As Matt Zuccaro reflected on the origins of the Helicopter Association International, his words served as a reminder for all of Business Aviation why it’s so important to remember our roots and remain relevant. Dave Higdon reflects…
The rotary aircraft world benefits greatly from the support of the Helicopter Association International (HAI), which serves and protects its interests and ambitions. This year, the association celebrates its 70th anniversary.
On December 13, 1948, when the HAI was formed the helicopter community was barely past its infancy – but it was already making its mark in business, utility and the military.
That fledgling community has since gone from strength to strength, and while fixed-wing aircraft dominate the business aircraft fleets of the world, not all of the missions and needs can be met by those aircraft. For some, only a helicopter will do.
Founded in California, the association originally assumed the state name in its title: The California Helicopter Association (CHA). According to HAI president Matt Zuccaro, writing in a recent President’s Message, the association grew to 17 members by 1951, which operated 50 helicopters in multiple states of the US.
Still a domestic organization, “it (the CHA) decided to change its name to Helicopter Association of America (HAA),” Zuccaro noted.
Continued growth expanded the membership base internationally over the ensuing 30 years, prompting the HAA to make another name change - and in 1981 the HAA became the HAI. “Today, we continue our advocacy on behalf of our 3,500 members who safely fly more than 5,300 helicopters 2.3 million flight hours a year,” Zuccaro elaborated.
“Over the years, operational and technological advancements, coupled with public acceptance, fostered international growth and an industry expansion of missions.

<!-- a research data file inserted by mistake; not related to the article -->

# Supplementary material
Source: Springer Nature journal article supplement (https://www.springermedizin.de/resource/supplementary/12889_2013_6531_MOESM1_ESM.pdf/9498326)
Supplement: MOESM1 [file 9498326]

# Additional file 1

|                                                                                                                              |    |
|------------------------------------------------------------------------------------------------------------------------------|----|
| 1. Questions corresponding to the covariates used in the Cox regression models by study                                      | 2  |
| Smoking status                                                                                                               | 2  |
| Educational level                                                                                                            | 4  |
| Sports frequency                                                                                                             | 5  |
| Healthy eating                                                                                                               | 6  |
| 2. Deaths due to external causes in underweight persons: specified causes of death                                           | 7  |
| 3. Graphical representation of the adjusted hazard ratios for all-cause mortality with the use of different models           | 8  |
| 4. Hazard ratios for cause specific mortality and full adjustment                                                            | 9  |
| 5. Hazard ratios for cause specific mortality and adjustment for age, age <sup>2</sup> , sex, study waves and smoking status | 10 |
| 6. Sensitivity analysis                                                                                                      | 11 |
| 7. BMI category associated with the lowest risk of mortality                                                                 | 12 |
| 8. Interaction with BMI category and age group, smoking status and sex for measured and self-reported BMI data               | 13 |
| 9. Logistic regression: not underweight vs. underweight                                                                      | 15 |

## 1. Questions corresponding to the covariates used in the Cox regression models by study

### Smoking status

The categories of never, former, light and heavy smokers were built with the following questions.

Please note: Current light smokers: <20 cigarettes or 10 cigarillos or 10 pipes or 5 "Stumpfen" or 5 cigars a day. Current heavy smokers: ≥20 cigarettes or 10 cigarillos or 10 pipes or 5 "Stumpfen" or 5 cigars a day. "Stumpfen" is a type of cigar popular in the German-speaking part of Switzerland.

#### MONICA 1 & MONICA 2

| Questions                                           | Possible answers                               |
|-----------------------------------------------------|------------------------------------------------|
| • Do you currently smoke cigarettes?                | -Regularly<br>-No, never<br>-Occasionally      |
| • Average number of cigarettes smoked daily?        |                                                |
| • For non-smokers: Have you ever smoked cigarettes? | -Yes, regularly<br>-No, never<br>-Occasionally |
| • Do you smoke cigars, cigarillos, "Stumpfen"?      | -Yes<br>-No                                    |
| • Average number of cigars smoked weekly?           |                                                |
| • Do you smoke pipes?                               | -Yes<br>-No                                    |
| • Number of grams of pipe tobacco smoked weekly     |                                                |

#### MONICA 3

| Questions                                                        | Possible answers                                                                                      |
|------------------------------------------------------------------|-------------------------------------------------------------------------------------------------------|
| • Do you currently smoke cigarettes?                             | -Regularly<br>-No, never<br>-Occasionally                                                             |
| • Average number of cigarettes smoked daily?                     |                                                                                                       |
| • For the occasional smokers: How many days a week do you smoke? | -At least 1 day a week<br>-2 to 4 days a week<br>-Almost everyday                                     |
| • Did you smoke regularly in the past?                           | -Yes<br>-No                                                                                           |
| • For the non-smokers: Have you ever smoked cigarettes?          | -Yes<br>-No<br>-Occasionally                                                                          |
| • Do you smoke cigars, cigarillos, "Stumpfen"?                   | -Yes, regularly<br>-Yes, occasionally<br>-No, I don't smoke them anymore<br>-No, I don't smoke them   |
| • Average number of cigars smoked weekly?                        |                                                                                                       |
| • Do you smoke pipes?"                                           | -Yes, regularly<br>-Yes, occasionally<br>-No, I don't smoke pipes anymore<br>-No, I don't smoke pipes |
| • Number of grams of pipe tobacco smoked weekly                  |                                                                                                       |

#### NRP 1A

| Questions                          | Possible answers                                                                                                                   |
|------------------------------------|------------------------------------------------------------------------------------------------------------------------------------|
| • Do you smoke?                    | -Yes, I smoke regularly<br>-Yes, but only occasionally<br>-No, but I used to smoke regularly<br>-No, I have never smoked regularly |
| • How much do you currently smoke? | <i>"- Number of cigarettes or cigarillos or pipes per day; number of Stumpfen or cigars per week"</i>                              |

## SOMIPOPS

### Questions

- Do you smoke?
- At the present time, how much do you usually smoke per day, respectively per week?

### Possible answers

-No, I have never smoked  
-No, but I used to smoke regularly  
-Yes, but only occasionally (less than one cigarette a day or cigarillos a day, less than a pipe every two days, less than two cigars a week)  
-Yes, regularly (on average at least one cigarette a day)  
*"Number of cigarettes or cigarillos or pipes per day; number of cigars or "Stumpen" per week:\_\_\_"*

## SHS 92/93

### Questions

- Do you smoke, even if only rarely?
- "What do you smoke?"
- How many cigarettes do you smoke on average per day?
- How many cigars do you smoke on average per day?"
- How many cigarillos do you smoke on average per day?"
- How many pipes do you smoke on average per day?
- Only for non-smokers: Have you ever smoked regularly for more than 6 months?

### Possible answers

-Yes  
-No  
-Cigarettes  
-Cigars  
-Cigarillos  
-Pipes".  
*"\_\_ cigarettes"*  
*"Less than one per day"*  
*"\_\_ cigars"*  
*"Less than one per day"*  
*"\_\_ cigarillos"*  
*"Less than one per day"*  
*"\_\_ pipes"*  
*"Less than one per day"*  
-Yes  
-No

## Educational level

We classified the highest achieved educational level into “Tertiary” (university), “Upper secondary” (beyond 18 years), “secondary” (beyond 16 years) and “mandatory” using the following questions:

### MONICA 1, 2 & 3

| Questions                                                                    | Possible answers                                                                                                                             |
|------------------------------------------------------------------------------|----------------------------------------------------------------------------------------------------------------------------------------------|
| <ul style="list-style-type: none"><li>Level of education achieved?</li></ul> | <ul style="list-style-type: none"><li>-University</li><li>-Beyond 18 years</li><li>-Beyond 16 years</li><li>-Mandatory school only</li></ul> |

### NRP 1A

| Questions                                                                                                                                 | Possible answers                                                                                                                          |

"Until you hear the stories from those who experienced it, you cannot appreciate what it took to establish the helicopter industry," Zuccaro highlighted.
"The problems we experience in today’s operating environment pale in comparison to the challenges our predecessors had to deal with.
“In many instances, they had to make it up as they went along as there was no experience base or precedent. Many now-vibrant sectors of our industry began by someone saying, 'Why don’t we try…?’
“In the early days, financial reward was not the driver as much as a passion for the machines and their potential. While I hold tight to our history and beginnings, I also look to our future,” Zuccaro continued.
Zuccaro's admonition should serve as a clarion call to everyone in Business Aviation, which continues to face challenges to its very existence, some via ongoing efforts to stifle its influence.
We all stand on the shoulders of the visionaries who saw the potential to deploy aircraft to serve the needs of civilization, whether humanitarian, utilitarian or business. Indeed, those are roots we should all remember and, as Zuccaro suggests, never forget.
“I sincerely appreciate the tenacity, focus and optimism of our founders,” Zuccaro wrote. “Without their efforts, none of us would have been able to do what we do.”
All of us who use or fly aircraft should consider Zuccaro's words as a mandate. We must never forget our roots, lest we risk sliding into irrelevance. That would spell the end for Business and General Aviation.
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